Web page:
Dormud woke in the shattered stump of a guard tower that had been his home ever since The Fall. Creaks, thuds, and groans filled the air. Probably Levlin trying to rebuild the central spire again, as if that could bring the magi back, or Tolbar trying to make a lumber mill out of broken siege machines. Any minute now, Tolbar would start singing, and then any chance of sleep would vanish. Idiots, the lot of them.
Dormud dragged himself out of his pile of straw, kicked a rat away, and plucked a handful of fungus off the damp granite wall. At least he’d never go hungry as long as he stayed here in Carnage, as long as he didn’t mind the boils and the stomach cramps that came with living off the waste from a spell war.
Through the rusted bars of his window, people were gathering in the street. Not just his neighbours, but strangers in bright tunics, unloading poles and canvas from wagons. More idiots.
Chewing on his rubbery, bitter breakfast, Dormud stomped out into the town’s central crater. He’d heard whispers of the carnival, but never seen it before, and never wanted to. All these tents with their fluttering pennants, the barkers calling people to celebrate the wonders of the world, it was a cloth woven from lies. That woman in the pointed hat making puppets dance for the children, she would walk away with trinkets tossed to her by grateful parents, but what good would that do anyone? When the excitement wore off, they’d still be living in ruins, and they’d be poorer too.
Stones clattered from beneath his feet as he stomped along the slope and into one of the tents. A dozen of his neighbours sat on rugs amid a choking cloud of incense, while a string quartet played lively tunes. Everyone was smiling: the musicians, the audience, the man holding the tent flap back for Dormud. Fools the lot of them.
He stepped inside so he could see better. The music made him think of the time before The Fall, when he worked with others in the tower, serving the magi with their glittering robes and their grand visions for tomorrow. If his heart beat faster, it wasn’t because of the music, just the incense in his throat. That was why his eyes watered, why he struggled to walk away.
As he emerged, dazed and drifting, an hour later, he nodded to the man holding the tent flap. Maybe it wasn’t so bad for the inhabitants of Carnage to take a moment’s joy. It might not make the wasteland better, but it wouldn’t make it any worse.
Levlin smiled as she walked past Dormud. “Enjoying yourself?”
He stomped off up the crater. Others might need the bright costumes and the music, but he didn’t. He had accepted the world as it was.
Four carnies stood along the edge of the crater, one at each compass point, arms outstretched, the wind whipping at ribbons that hung from their arms. It must be a strange wind, because all four sets of ribbons were flowing toward the crater.
Dormud squinted. He’d picked up a few tricks from the magi, a certain sensitivity. He saw the magic rising from the tents, faint but glittering ribbons that vanished into the carnies at the compass points. The power and potential of the townspeople being drained away.
The music, the incense, the smiles, it had all been a trick. For a moment, he’d let himself believe, but the world wouldn’t let him have that moment.
Dormud strode around the rim and grabbed a carny. Ribbons fell limp as he lifted her by her tunic.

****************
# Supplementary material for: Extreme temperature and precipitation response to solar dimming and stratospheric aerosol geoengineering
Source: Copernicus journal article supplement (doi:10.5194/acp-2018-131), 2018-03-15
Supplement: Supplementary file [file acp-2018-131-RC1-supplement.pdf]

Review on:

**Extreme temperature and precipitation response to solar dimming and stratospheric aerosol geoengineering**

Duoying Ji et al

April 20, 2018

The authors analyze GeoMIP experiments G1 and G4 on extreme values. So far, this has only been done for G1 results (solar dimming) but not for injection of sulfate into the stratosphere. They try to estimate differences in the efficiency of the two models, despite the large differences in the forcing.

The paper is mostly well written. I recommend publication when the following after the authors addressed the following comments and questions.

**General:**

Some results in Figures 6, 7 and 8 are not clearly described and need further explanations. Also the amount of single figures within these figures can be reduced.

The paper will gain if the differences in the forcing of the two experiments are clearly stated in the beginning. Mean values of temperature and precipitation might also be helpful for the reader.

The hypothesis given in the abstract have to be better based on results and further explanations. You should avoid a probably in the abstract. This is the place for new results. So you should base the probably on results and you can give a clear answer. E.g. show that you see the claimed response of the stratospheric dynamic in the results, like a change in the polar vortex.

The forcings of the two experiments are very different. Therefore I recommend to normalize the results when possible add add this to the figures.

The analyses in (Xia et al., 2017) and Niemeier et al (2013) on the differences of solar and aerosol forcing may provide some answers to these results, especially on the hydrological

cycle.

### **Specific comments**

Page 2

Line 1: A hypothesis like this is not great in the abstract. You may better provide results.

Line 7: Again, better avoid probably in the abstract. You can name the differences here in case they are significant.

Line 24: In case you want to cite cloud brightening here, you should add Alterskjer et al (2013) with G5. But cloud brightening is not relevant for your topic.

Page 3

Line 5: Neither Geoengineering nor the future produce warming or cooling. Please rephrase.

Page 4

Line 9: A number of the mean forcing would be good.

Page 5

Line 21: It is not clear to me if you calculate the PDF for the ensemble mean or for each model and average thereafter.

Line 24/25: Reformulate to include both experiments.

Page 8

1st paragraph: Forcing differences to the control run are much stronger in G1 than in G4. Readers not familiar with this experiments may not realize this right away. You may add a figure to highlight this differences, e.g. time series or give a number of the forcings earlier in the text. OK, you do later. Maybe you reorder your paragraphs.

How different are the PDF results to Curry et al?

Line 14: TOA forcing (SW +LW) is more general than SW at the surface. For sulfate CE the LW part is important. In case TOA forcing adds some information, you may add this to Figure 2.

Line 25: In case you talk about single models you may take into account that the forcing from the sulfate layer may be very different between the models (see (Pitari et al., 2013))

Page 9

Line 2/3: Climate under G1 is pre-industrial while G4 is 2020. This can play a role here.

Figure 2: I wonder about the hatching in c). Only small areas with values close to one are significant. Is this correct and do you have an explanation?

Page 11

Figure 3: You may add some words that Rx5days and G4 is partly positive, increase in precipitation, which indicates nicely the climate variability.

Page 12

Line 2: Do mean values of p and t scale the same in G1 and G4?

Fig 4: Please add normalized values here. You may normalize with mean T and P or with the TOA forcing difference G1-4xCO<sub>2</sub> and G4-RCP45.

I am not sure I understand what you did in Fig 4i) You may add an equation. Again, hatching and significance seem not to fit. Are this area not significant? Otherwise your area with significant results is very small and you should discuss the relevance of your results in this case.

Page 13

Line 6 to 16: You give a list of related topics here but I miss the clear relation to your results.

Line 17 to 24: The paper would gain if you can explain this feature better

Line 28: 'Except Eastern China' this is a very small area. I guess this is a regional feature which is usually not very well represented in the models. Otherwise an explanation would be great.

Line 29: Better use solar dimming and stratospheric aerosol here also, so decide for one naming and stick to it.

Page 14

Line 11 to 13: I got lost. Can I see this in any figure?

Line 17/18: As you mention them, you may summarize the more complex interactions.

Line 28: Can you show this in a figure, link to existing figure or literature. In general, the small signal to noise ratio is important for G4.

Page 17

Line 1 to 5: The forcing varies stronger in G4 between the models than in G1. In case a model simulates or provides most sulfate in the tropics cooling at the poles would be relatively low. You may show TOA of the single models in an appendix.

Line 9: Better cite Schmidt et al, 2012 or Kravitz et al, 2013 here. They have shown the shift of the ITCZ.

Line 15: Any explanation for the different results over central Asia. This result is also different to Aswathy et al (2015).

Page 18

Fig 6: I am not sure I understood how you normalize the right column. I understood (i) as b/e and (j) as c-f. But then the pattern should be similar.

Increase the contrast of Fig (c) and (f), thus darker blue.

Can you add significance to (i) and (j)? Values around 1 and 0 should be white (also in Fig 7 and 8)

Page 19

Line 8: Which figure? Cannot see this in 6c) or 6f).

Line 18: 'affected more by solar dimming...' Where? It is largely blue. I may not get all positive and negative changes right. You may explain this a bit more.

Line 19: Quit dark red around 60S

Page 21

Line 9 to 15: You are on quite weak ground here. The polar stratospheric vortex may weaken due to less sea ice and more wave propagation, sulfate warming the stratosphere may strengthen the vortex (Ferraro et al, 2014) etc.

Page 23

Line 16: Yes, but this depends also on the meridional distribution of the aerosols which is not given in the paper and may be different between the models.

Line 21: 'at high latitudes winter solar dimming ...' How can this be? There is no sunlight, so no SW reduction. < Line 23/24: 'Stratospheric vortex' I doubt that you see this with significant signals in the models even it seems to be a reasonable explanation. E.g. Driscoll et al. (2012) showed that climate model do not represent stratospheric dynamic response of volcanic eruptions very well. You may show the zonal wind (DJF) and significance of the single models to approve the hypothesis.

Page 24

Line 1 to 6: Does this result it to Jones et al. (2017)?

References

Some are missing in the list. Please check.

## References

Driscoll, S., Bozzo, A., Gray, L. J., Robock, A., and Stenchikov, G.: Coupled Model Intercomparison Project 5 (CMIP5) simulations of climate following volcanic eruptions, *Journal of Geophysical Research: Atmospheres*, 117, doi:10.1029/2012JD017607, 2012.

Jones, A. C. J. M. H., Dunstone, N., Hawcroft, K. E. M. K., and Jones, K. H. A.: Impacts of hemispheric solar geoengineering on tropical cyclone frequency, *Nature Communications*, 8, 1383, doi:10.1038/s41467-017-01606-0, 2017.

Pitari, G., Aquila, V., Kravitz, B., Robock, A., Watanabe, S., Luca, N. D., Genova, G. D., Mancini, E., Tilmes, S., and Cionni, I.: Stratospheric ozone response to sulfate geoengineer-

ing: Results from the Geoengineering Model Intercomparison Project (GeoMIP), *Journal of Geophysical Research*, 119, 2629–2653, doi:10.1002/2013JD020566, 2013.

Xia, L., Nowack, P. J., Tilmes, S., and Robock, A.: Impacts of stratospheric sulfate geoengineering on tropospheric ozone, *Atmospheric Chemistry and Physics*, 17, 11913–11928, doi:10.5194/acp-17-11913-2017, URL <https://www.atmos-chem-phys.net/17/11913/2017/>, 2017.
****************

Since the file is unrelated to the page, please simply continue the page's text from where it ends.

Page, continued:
“I knew this was a lie,” Dormud growled. “Leeches, the lot of you.”
“We give them joy,” the carny said in a trembling voice. “It’s a fair trade.”
“It’s not a trade, it’s a theft.” Dormud flung her into the nearest tent, which collapsed in a heap of broken poles and tangled ropes. “Leeches! Vultures! Get out or I’ll break your bones!”
He strode down the crater, casting aside carnies and tearing down tents, bellowing in fury as he went. Sad and confused, the people of Carnage watched as the carnies loaded their wagons and hurried out of town.
Dormud stood in the middle of the crater, his neighbours staring at him.
“Why, Dormud?” Levlin asked.
“Because they deserved it.”
What more needed to be said? These people believed him or they didn’t. Either way, they would go back to their lives of denial, the sort of idiots that carnies could dupe because a tune or a play had made them feel better for an hour. People who would give up their power, their potential, for a day’s relief.
As they turned their backs on him, Dormud heard a fragment of music, the carnies playing as they rode down the road. He remembered the world as it had been before, a bittersweet memory of shining towers, fine food, and lofty dreams.
“Levlin,” he called out.
She turned, slow as the closing of a dungeon door. “Yes, Dormud?”
“You still trying to rebuilding the spire?”
“I’ll come help. And Tolbar?”
Tolbar looked at him, uncertain. “Yes, Dormud?”
“I’ll help you with your mill later if you sing for us now.”
“Sing for you?”
More people turned and looked at him in confusion, but Dormud had said all he meant to for the day. He lifted a block of stone from the crater’s edge.
The Fall was over. It was time to rise again.
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The goldsmith Cualli lives in a land of endless summer, where blood sacrifices hold back the dark of winter. Through her craft, she grants power to priests and soldiers, channelling the magic of Emperor Sun. But what matters to Cualli is not power; it is proving herself as the empire’s finest goldsmith.
Not everyone feels blessed by the empire’s blood-stained faith. Dissent is turning to rebellion and the rebels want Cualli on their side, whether she likes it or not. When the season of sacrifice threatens the lives of her closest friends, Cualli must face a choice: will she fight for change through the illegal magic of silver, or will she bask in her own triumph and the endless golden summer?
Silver and Gold, a novella about friendship, magic, is out now.